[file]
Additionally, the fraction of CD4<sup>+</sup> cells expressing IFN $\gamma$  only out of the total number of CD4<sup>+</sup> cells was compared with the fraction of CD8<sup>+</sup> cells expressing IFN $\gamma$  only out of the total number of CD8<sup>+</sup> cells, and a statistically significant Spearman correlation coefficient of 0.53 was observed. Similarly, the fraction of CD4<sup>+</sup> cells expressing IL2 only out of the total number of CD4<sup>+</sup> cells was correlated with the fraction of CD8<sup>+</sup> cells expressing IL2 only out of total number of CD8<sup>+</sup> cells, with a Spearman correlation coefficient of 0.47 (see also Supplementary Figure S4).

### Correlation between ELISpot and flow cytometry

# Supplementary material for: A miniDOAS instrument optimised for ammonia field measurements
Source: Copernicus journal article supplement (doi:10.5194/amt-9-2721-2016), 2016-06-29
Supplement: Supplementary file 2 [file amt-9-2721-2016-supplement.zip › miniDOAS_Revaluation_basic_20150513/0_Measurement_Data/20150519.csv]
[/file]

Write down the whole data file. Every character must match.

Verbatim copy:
Additionally, the fraction of CD4<sup>+</sup> cells expressing IFN $\gamma$  only out of the total number of CD4<sup>+</sup> cells was compared with the fraction of CD8<sup>+</sup> cells expressing IFN $\gamma$  only out of the total number of CD8<sup>+</sup> cells, and a statistically significant Spearman correlation coefficient of 0.53 was observed. Similarly, the fraction of CD4<sup>+</sup> cells expressing IL2 only out of the total number of CD4<sup>+</sup> cells was correlated with the fraction of CD8<sup>+</sup> cells expressing IL2 only out of total number of CD8<sup>+</sup> cells, with a Spearman correlation coefficient of 0.47 (see also Supplementary Figure S4).

### Correlation between ELISpot and flow cytometry

# Supplementary material for: A miniDOAS instrument optimised for ammonia field measurements
Source: Copernicus journal article supplement (doi:10.5194/amt-9-2721-2016), 2016-06-29
Supplement: Supplementary file 2 [file amt-9-2721-2016-supplement.zip › miniDOAS_Revaluation_basic_20150513/0_Measurement_Data/20150519.csv]